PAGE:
Continuous Monitoring of Controls Is Not the Same as Inspecting the Integrity of Transactions

I continue (pun intended) to be surprised that people don't understand the difference between the continuous monitoring of controls and the continuous monitoring, or inspection, of transactions.

When people talk about continuous controls monitoring by testing payments to see if they are duplicate payments, or (to quote one vendor) by testing "the integrity of individual transactions," they are — in my opinion — getting the language all wrong. They are inspecting transactions, and not providing any assurance that controls are adequately designed or operating effectively. That is not continuous controls monitoring.

Just because transactions are "correct" doesn't mean that controls are in place or operating.

Finding errors is a strong indication of a control failure, but that is all. The nature of internal control is that it provide reasonable but not perfect assurance — just check COSO Internal Control Framework.

Internal auditors are primarily concerned with obtaining and providing assurance that controls are adequate. So, they are going to be (or should be) more interested in routines that provide assurance on a continuing basis that the controls are designed well and operating effectively. They should be less concerned, except when looking to detect fraud, with the inspection of transactions. That is a management role.

I wrote about this at length last year in a popular post on my other site (here) and my opinion hasn't changed. While the post got a lot of attention (1600 views), I still see vendors presenting transaction inspection as control monitoring.

Did I miss something? Am I wrong?

Posted on May 11, 2011 by Norman Marks

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  1. Agree. Control over the day to day activities is the function of Management where as Internal Audit ensures that the control put in place by Management is adequate and effective.
  1. Somebody asked a question on LinkedIn about why it is important to understand the difference between monitoring of controls and transactions. This is what I replied:

    1. Management should consider both monitoring of transactions (a detecting control) and monitoring of controls (to have assurance they function as intended). 
    2. Internal auditors need to understand the difference. Only one provides reliable assurance on controls, although the other provides a lower level of comfort.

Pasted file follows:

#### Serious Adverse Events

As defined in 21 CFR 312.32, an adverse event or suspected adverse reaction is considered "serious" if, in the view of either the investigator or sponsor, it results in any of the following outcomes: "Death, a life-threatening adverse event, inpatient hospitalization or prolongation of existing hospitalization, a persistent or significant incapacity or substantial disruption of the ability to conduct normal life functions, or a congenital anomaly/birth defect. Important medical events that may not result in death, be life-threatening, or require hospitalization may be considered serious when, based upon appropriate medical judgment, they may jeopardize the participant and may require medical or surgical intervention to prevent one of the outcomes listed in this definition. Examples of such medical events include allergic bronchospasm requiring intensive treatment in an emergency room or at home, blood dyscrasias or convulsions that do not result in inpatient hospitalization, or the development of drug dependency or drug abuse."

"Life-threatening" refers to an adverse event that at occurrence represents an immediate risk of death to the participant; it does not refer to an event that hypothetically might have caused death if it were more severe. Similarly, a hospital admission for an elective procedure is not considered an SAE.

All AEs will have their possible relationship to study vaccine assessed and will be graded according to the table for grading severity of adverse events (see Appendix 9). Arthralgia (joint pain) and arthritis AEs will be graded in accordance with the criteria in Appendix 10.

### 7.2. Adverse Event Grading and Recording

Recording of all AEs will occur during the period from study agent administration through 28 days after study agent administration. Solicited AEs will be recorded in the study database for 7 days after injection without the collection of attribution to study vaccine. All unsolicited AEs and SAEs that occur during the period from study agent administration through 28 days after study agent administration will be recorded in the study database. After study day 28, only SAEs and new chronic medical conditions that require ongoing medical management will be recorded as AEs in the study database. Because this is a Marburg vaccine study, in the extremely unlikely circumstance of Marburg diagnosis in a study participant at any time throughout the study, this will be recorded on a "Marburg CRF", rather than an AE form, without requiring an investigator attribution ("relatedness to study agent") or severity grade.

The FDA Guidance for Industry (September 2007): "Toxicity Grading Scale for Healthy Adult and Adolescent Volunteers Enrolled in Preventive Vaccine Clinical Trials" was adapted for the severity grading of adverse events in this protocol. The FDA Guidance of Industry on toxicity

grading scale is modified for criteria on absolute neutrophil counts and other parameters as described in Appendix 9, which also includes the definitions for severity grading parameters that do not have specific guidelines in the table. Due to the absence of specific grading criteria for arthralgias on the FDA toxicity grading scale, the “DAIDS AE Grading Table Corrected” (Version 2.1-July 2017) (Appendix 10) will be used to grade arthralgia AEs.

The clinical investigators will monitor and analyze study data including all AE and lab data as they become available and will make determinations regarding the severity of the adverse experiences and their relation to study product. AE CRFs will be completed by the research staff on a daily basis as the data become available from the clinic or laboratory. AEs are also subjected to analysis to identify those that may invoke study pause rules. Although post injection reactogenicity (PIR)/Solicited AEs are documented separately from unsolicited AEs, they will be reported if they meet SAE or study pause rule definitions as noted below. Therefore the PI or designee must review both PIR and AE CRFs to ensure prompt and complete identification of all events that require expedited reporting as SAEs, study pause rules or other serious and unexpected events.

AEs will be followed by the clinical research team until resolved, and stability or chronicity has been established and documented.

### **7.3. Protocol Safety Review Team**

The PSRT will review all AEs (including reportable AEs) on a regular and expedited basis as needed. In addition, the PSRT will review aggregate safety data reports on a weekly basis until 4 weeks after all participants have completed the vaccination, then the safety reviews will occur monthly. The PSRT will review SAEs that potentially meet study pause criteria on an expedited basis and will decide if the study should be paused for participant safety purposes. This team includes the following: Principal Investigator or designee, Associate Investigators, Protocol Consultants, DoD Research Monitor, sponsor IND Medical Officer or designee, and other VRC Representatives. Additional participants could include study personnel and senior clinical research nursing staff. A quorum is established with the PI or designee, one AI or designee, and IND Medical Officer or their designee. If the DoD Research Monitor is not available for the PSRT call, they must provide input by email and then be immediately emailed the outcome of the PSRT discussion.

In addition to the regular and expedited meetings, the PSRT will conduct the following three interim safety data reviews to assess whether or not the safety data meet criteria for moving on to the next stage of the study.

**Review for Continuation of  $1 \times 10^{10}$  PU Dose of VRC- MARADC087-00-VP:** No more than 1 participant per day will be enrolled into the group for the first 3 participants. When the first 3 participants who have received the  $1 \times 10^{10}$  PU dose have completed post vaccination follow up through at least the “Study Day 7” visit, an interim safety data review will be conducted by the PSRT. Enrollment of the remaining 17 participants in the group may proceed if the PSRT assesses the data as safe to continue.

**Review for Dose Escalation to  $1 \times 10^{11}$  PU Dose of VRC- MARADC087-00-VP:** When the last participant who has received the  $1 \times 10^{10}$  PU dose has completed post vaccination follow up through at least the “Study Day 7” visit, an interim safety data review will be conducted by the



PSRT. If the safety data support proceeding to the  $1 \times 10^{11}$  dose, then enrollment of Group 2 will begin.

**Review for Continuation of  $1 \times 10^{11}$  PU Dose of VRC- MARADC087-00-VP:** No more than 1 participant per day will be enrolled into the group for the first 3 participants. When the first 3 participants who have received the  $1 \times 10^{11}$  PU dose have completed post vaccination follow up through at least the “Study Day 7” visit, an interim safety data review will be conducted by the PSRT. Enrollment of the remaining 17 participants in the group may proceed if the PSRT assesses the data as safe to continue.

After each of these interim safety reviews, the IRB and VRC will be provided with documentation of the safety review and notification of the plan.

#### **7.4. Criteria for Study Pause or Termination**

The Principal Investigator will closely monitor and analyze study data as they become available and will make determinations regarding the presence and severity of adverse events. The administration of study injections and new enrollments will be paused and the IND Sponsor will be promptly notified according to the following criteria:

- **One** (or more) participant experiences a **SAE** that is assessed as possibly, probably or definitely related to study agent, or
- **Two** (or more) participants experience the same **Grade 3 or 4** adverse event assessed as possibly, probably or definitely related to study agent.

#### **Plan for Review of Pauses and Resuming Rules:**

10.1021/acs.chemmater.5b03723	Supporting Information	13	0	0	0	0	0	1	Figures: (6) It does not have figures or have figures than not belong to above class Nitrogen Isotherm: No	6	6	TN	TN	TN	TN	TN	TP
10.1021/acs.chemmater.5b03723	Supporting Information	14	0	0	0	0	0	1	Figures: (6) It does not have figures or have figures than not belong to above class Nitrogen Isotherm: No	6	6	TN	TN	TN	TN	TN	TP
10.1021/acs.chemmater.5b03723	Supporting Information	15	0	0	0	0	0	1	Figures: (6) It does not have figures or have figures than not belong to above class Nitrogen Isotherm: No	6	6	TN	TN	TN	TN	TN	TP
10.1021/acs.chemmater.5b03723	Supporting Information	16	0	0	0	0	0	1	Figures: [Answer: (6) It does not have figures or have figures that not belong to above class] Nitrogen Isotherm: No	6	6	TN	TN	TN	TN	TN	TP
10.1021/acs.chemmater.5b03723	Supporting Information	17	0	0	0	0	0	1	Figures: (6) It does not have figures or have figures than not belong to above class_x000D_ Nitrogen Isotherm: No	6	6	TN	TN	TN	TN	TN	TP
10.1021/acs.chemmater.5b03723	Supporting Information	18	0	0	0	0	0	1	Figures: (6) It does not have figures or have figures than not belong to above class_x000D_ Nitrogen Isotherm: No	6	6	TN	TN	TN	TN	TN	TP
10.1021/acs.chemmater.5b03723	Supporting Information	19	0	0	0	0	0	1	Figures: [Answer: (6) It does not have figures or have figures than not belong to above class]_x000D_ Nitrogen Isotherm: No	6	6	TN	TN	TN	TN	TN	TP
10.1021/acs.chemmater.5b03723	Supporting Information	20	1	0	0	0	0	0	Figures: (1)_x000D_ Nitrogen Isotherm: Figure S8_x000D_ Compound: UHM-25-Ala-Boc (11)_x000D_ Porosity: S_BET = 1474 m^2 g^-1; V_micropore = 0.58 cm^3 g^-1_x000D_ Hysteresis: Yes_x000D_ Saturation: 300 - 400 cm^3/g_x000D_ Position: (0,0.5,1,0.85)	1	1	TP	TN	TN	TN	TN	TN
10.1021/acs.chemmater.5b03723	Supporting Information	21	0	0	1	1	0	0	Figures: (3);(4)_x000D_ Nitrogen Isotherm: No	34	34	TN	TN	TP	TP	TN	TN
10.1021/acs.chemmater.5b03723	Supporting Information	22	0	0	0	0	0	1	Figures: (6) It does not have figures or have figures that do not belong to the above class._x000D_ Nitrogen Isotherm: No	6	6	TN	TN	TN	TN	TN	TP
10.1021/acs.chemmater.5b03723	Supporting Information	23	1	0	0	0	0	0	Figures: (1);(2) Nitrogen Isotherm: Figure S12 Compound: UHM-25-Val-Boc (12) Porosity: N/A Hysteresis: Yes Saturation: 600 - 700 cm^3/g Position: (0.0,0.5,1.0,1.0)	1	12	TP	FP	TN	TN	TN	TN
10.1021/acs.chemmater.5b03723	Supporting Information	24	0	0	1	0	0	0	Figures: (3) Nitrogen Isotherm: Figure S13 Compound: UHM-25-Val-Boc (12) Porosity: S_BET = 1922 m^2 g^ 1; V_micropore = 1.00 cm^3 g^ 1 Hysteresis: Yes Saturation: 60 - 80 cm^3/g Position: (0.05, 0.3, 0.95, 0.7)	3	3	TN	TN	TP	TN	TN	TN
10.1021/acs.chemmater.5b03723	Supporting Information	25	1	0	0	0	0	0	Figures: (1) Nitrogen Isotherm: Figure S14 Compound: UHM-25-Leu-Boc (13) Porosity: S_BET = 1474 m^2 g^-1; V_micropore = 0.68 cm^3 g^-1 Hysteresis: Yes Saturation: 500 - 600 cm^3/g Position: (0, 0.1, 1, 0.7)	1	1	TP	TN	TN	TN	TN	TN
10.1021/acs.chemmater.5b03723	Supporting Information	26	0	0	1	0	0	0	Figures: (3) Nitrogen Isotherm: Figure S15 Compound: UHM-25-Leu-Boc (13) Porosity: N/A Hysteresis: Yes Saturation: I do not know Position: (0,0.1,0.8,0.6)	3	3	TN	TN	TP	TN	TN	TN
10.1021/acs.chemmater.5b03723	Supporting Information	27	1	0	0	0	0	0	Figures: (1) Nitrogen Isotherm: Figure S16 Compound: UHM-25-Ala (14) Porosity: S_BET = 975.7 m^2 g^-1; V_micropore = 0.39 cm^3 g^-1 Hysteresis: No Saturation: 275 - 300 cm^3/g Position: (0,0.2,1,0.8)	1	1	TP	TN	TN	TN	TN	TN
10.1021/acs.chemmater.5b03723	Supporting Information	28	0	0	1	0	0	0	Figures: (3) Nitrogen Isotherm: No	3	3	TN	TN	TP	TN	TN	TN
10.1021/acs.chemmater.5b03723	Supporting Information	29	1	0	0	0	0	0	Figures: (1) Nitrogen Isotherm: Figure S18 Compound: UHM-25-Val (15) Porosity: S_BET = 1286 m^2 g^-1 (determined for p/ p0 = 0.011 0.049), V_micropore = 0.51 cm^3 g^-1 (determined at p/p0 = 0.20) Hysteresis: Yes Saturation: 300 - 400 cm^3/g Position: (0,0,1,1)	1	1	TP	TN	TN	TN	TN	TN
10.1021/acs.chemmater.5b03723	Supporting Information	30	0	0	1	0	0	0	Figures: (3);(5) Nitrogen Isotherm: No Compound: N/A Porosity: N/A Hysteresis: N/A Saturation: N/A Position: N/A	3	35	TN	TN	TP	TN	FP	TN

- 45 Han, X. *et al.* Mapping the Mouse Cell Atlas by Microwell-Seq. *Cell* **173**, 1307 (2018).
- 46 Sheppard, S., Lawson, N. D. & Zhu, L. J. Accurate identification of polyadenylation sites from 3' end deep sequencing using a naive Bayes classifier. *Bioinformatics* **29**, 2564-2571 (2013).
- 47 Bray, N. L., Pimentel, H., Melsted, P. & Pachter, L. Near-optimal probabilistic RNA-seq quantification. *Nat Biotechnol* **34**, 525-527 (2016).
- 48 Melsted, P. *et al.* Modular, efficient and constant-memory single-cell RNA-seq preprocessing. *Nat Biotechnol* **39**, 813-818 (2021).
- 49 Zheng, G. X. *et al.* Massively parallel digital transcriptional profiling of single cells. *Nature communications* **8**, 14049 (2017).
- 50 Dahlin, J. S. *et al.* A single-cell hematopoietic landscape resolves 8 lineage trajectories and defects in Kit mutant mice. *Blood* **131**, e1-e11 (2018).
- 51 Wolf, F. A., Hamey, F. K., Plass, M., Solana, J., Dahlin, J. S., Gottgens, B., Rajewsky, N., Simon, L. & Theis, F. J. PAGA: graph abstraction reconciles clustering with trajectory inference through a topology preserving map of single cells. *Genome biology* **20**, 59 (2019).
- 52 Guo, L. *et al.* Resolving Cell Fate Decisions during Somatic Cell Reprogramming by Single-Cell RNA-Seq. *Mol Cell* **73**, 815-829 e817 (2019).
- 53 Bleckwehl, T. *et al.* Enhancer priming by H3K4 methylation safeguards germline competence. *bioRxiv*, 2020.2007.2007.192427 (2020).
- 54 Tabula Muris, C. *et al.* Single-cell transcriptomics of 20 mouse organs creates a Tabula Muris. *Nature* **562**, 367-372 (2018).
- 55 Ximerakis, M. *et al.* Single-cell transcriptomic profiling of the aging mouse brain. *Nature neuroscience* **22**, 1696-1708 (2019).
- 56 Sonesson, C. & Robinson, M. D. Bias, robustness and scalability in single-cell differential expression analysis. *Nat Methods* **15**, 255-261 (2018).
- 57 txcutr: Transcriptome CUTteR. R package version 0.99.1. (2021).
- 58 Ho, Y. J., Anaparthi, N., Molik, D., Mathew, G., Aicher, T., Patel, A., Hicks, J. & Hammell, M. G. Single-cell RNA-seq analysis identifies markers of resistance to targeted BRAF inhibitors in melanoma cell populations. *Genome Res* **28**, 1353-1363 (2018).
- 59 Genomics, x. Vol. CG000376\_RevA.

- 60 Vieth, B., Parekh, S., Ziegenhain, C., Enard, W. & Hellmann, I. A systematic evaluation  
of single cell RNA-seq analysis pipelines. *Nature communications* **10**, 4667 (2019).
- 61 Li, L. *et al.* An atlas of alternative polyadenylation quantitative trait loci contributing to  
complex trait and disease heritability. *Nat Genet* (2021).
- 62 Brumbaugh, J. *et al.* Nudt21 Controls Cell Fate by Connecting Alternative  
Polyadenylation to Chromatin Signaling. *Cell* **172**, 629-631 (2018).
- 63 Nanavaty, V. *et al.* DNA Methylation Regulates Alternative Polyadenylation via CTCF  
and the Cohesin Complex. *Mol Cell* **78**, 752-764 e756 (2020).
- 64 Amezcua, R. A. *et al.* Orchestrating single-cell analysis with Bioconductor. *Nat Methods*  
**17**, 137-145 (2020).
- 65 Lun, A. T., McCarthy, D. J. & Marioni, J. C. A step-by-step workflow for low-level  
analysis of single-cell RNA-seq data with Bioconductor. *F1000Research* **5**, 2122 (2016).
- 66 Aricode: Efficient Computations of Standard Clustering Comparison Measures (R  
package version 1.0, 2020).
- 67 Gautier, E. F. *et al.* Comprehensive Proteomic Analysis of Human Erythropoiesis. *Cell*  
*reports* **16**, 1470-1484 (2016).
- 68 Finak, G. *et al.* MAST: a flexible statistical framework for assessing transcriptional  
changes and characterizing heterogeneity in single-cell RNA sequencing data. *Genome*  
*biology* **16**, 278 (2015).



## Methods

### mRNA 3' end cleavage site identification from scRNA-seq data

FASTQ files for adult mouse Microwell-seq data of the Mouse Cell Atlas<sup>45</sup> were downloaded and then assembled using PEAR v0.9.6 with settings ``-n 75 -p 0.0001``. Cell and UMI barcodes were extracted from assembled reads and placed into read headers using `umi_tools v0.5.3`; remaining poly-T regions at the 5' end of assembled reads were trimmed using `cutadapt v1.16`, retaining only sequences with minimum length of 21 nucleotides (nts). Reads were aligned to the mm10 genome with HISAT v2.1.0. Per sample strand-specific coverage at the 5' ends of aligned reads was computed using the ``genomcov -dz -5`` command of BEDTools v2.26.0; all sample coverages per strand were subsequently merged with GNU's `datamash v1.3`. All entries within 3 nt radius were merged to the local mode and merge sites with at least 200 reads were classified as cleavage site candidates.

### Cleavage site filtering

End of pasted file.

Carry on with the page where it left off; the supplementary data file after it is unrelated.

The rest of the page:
3. For SOX, I would much prefer to monitor controls because that is the intent of management assurance - that the controls provide reasonable assurance.

  1.  Correction: typed "detecting control" instead of detective control

  1. Agreed.

    Just because transactions are "correct" doesn't mean that controls are in place or operating.

    However, just because the controls are in place and operating doesn't mean the underlying risk has been mitigated either.

    There is valid point about who should care, management or audit, but I observe best practice in internal audit as providing reasonable assurance AND management advice about improvement of risk monitoring and management.

    Ther is clearly a case for both control monitoring AND data and transaction monitoring. They are all valid techniques, The ambiguity is in the 'CCM' term, which perhaps whould be 're-acronymed' as "CM'.

  1. This is a very important distinction.  It is essentaily the difference between managment's role to effect controls to ensure compliance of transaction versus the auditor's role to provide assurance that those controls are being effective.

    Personally, I feel that once an auditor says that he continuously monitors say Procurement then the danager is that management will rely on the auditor to detect non-compliant transactions.  I have had it said to me that "Internal Audit is reponsible for ensuring compliance".  It is difficult to refute this when the profession has so willingly used technology to up our sampling techniques to 100% over some controls!  This is not what we are there for.

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